5 Feb

The Spanish Riding School, in its performances, has been held as a benchmark for that which is ‘classical’ about horsemanship. There is something about the uniforms, the chandeliers, the presence of so many white horses half passing across the silent peat-based arena that moves our souls.

As an adult, watching some of those performances on video, more knowledge and experience makes me aware of imperfections: the horses that are inelastic, unfocused, not bent correctly, out of rhythm…

But the magic of SRS is not necessarily  the specific performance; it is the living symbol of a time when horses were not hobby-sport. It dates from a time when a horse was the difference between life and death,on and off the battlefield. Whatever we have learned since those times about shoeing, nutrition,saddles–nothing even begins to compare to what those original horsemen knew about the bond between horse and human.

What makes a dressage performance–what makes any interaction with the horse– something spectacular and memorable, is the demonstration of that bond. That special communication that exists when there is trust as well as talent, and that makes athleticism cross over into art.

The older dressage shows, even up through the Olympics, featured what we now recognize as truly subpar judging. There was no emphasis on any of the modern hallmarks of elasticity, power,expression,as laid over the training scale. There was a lot of chauvinistic,highly irregular judging, culminating in the famous 1960 Olympics when the scores were not announced until several days after the actual performances, and after the judges had argued over films of the performances, trying to find some foundation of agreement.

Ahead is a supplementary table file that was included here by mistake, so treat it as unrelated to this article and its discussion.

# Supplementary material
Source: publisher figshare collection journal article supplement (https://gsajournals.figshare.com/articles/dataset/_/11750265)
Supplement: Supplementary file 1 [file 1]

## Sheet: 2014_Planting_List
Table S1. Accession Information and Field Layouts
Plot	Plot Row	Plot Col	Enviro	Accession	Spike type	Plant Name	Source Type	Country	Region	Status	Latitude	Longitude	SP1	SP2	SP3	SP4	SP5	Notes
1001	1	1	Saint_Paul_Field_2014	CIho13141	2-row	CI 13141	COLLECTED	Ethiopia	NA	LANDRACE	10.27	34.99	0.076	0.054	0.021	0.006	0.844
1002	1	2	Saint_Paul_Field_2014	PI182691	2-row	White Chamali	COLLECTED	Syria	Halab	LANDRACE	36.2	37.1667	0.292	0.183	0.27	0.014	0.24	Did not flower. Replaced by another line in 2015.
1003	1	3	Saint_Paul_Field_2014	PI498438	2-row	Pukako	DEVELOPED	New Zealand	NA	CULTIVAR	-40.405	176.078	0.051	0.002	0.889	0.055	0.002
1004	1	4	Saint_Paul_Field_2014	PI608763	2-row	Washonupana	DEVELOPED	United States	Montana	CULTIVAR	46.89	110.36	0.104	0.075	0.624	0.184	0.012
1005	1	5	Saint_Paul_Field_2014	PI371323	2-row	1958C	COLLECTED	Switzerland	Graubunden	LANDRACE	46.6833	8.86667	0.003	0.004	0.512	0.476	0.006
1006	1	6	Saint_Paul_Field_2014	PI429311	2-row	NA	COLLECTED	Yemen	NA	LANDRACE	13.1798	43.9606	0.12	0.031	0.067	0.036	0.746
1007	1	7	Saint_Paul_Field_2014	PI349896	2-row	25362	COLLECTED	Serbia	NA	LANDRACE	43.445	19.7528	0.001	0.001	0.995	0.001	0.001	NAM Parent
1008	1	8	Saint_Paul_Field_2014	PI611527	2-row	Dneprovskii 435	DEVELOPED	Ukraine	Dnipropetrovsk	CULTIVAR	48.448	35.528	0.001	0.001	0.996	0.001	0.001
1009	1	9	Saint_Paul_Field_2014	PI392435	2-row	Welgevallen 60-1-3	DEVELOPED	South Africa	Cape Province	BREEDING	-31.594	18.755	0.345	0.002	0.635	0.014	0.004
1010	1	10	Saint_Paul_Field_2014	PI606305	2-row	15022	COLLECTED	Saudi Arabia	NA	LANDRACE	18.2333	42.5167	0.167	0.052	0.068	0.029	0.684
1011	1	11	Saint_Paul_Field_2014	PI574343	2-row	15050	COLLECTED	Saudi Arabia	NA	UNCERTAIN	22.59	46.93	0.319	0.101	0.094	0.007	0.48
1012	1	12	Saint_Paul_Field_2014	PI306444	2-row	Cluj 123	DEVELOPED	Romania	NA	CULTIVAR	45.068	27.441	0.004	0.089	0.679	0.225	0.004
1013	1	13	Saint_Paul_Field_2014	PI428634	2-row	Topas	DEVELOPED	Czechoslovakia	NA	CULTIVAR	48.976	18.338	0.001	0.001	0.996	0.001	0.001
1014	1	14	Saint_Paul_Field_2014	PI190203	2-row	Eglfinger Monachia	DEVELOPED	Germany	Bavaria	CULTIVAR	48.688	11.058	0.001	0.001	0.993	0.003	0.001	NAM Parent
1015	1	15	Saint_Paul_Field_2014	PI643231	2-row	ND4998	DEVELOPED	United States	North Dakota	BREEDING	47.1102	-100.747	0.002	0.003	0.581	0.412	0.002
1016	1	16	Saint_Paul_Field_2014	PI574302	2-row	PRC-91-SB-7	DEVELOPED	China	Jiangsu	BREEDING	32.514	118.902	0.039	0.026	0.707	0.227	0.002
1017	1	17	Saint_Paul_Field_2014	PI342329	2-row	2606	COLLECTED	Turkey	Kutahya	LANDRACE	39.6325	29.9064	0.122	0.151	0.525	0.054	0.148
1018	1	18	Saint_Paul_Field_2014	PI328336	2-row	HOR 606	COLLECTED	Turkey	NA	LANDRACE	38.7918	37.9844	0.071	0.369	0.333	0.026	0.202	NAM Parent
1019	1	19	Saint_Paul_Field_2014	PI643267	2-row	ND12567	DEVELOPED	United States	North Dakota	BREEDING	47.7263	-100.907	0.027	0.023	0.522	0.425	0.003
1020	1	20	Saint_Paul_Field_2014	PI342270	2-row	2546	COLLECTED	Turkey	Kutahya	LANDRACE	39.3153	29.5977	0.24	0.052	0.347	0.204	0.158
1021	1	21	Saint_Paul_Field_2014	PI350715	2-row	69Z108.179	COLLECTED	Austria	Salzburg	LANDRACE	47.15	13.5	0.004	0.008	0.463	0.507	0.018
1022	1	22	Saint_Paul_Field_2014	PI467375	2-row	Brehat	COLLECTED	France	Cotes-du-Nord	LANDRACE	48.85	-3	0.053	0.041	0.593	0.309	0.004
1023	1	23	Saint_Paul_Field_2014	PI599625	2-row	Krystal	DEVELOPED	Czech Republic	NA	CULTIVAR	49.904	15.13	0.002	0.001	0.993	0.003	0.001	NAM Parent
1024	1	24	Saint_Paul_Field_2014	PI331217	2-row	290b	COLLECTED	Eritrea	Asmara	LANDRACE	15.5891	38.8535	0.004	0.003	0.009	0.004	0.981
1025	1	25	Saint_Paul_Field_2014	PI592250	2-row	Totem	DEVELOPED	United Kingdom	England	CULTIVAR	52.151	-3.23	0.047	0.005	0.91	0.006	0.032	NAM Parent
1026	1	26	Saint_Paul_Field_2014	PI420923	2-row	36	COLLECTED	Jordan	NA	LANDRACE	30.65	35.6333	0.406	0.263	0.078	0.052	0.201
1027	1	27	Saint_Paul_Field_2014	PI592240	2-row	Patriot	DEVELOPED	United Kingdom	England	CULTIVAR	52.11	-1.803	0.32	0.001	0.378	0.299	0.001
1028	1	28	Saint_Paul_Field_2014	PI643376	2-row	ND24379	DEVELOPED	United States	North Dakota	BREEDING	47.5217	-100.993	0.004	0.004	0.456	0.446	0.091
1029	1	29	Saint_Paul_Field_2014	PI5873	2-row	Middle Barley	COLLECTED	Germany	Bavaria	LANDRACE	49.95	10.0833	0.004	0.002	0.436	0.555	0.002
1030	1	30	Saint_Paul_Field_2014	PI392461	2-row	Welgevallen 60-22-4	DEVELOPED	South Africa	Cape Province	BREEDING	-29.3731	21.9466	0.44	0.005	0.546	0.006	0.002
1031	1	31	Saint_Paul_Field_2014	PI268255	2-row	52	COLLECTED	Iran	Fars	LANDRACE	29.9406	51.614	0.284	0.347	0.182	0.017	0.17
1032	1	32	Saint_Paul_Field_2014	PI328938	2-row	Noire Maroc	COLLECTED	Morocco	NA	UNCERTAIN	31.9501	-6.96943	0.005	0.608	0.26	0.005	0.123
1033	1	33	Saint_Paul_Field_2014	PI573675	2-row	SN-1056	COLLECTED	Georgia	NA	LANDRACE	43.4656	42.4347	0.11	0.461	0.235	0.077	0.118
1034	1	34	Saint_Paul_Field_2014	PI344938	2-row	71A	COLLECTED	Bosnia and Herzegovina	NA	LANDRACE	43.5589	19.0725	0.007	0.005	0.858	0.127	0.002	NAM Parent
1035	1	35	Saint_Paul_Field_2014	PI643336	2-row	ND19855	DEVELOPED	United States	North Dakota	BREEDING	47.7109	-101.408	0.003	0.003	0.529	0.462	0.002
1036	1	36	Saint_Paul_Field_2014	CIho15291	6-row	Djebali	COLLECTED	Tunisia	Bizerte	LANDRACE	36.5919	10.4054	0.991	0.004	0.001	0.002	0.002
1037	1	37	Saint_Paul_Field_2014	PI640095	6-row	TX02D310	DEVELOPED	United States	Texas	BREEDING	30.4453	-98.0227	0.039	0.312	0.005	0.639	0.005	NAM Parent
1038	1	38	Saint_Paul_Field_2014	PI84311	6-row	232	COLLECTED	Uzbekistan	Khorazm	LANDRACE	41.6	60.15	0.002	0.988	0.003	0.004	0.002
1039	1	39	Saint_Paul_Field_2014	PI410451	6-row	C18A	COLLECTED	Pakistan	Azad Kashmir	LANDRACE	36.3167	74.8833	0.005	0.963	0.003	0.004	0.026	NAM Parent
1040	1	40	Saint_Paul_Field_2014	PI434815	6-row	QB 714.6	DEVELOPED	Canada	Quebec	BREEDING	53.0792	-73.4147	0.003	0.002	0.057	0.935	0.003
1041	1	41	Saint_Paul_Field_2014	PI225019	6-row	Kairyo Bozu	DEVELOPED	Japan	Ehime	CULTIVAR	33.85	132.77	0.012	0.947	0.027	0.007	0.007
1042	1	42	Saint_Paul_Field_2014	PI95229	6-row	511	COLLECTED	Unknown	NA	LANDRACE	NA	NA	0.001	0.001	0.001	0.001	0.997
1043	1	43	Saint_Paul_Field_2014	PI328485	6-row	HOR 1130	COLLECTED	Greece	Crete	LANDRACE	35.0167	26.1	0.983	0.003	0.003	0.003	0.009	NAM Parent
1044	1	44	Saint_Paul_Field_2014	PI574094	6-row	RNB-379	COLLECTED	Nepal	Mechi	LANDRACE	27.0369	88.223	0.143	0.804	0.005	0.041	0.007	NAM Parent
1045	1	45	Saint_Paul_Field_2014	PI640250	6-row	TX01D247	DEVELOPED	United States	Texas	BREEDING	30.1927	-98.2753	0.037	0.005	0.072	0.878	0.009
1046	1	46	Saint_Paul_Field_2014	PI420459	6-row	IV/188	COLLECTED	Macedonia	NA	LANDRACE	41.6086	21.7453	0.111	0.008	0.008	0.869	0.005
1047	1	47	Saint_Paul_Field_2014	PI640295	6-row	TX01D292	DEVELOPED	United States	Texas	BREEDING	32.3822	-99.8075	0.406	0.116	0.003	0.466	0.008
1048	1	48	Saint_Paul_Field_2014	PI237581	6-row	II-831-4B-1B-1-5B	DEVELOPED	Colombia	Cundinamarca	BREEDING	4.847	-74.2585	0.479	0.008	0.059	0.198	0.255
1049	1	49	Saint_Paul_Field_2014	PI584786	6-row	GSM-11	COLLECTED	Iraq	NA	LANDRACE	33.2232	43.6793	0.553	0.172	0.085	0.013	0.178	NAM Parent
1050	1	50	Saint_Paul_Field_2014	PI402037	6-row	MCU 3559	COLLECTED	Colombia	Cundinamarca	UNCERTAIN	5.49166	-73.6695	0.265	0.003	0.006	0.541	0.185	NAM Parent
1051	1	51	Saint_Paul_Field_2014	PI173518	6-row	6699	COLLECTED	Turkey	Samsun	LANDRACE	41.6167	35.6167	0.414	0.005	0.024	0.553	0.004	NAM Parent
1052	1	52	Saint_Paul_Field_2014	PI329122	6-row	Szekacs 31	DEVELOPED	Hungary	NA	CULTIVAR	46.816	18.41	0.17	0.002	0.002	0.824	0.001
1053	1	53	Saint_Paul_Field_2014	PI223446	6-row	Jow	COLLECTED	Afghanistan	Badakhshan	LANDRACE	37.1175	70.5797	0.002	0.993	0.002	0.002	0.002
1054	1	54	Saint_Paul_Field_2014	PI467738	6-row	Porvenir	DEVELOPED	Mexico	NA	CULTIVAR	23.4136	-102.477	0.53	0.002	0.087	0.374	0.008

We may or may n0t have ‘transparency’ yet, but we certainly have a good deal more accountability in judging. Audience and judges are still moved by the magic of true communication, true partnership, although  the words used are more often “harmony” and “rider’s effective use of aids”.

It’s rather like pornography–difficult to define but easy to recognize.

So many ideas have been tried out: judges sitting together; highest and lowest scores removed ; judges watching riders school and factoring in those performances as well as the public competition.

Several times, the IOC stepped in and threatened to remove dressage from Olympic  Games.

Compared to all the above, now may be at least the first golden era of dressage judging. The best judges today are better educated, more professional, less chauvinistic, and more accountable.

In the U.S., we can only marvel at the idea of 7 instead of 5 judges (considering well over 97% of U.S. shows have only one judge); a Judge Supervisory Panel to act as a further safeguard of correct scoring; and half points to make scoring ever more exact.

There is a growing demand to make judging dressage  ever more ‘scientific,’ ever more similar to other subjectively judged sports,such as figure skating and gymnastics. Hopefully,  these efforts  result in better judging.

Equally if not more important , we must make sure  these efforts do not lose sight of the basis for the sport, let alone judging the sport: the bond,the communication, between the two athletes,one human and one equine. Because it is this bond that gets audiences on their feet, not necessarily the best technical performance.